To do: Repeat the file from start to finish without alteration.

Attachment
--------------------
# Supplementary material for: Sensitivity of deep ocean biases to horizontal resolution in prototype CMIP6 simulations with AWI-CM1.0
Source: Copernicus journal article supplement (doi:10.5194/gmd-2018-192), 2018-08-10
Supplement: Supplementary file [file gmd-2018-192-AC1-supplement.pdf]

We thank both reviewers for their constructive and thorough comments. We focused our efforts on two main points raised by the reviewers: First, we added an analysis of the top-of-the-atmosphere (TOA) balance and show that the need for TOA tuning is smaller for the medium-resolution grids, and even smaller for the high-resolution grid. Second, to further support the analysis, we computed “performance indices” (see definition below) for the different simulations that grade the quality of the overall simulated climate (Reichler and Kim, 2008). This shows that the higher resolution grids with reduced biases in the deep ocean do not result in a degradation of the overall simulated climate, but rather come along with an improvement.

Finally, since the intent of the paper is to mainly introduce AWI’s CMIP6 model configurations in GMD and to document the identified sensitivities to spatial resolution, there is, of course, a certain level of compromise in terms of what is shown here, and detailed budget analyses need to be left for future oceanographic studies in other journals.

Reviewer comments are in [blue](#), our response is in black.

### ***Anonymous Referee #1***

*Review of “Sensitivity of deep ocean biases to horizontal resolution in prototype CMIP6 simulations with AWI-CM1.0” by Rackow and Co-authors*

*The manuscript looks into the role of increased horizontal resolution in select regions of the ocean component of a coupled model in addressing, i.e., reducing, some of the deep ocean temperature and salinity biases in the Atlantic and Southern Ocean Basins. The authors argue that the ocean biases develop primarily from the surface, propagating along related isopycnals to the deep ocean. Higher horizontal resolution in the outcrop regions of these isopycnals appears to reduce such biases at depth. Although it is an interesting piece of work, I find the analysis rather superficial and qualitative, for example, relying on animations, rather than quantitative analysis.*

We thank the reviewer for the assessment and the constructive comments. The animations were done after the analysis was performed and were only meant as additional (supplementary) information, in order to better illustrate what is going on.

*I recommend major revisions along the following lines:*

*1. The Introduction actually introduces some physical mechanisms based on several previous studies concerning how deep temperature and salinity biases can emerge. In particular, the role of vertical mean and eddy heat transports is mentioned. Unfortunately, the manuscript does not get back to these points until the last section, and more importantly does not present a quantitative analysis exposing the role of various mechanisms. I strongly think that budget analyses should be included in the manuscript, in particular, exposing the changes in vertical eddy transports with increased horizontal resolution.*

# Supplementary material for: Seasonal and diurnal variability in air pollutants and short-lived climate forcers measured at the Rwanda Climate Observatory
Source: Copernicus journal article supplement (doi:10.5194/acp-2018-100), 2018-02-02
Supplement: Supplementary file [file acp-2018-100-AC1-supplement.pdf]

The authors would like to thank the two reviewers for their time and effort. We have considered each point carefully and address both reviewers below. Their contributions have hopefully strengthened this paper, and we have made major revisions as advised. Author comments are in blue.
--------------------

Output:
# Supplementary material for: Sensitivity of deep ocean biases to horizontal resolution in prototype CMIP6 simulations with AWI-CM1.0
Source: Copernicus journal article supplement (doi:10.5194/gmd-2018-192), 2018-08-10
Supplement: Supplementary file [file gmd-2018-192-AC1-supplement.pdf]

We thank both reviewers for their constructive and thorough comments. We focused our efforts on two main points raised by the reviewers: First, we added an analysis of the top-of-the-atmosphere (TOA) balance and show that the need for TOA tuning is smaller for the medium-resolution grids, and even smaller for the high-resolution grid. Second, to further support the analysis, we computed “performance indices” (see definition below) for the different simulations that grade the quality of the overall simulated climate (Reichler and Kim, 2008). This shows that the higher resolution grids with reduced biases in the deep ocean do not result in a degradation of the overall simulated climate, but rather come along with an improvement.

Finally, since the intent of the paper is to mainly introduce AWI’s CMIP6 model configurations in GMD and to document the identified sensitivities to spatial resolution, there is, of course, a certain level of compromise in terms of what is shown here, and detailed budget analyses need to be left for future oceanographic studies in other journals.

Reviewer comments are in [blue](#), our response is in black.

### ***Anonymous Referee #1***

*Review of “Sensitivity of deep ocean biases to horizontal resolution in prototype CMIP6 simulations with AWI-CM1.0” by Rackow and Co-authors*

*The manuscript looks into the role of increased horizontal resolution in select regions of the ocean component of a coupled model in addressing, i.e., reducing, some of the deep ocean temperature and salinity biases in the Atlantic and Southern Ocean Basins. The authors argue that the ocean biases develop primarily from the surface, propagating along related isopycnals to the deep ocean. Higher horizontal resolution in the outcrop regions of these isopycnals appears to reduce such biases at depth. Although it is an interesting piece of work, I find the analysis rather superficial and qualitative, for example, relying on animations, rather than quantitative analysis.*

We thank the reviewer for the assessment and the constructive comments. The animations were done after the analysis was performed and were only meant as additional (supplementary) information, in order to better illustrate what is going on.

*I recommend major revisions along the following lines:*

*1. The Introduction actually introduces some physical mechanisms based on several previous studies concerning how deep temperature and salinity biases can emerge. In particular, the role of vertical mean and eddy heat transports is mentioned. Unfortunately, the manuscript does not get back to these points until the last section, and more importantly does not present a quantitative analysis exposing the role of various mechanisms. I strongly think that budget analyses should be included in the manuscript, in particular, exposing the changes in vertical eddy transports with increased horizontal resolution.*

# Supplementary material for: Seasonal and diurnal variability in air pollutants and short-lived climate forcers measured at the Rwanda Climate Observatory
Source: Copernicus journal article supplement (doi:10.5194/acp-2018-100), 2018-02-02
Supplement: Supplementary file [file acp-2018-100-AC1-supplement.pdf]

The authors would like to thank the two reviewers for their time and effort. We have considered each point carefully and address both reviewers below. Their contributions have hopefully strengthened this paper, and we have made major revisions as advised. Author comments are in blue.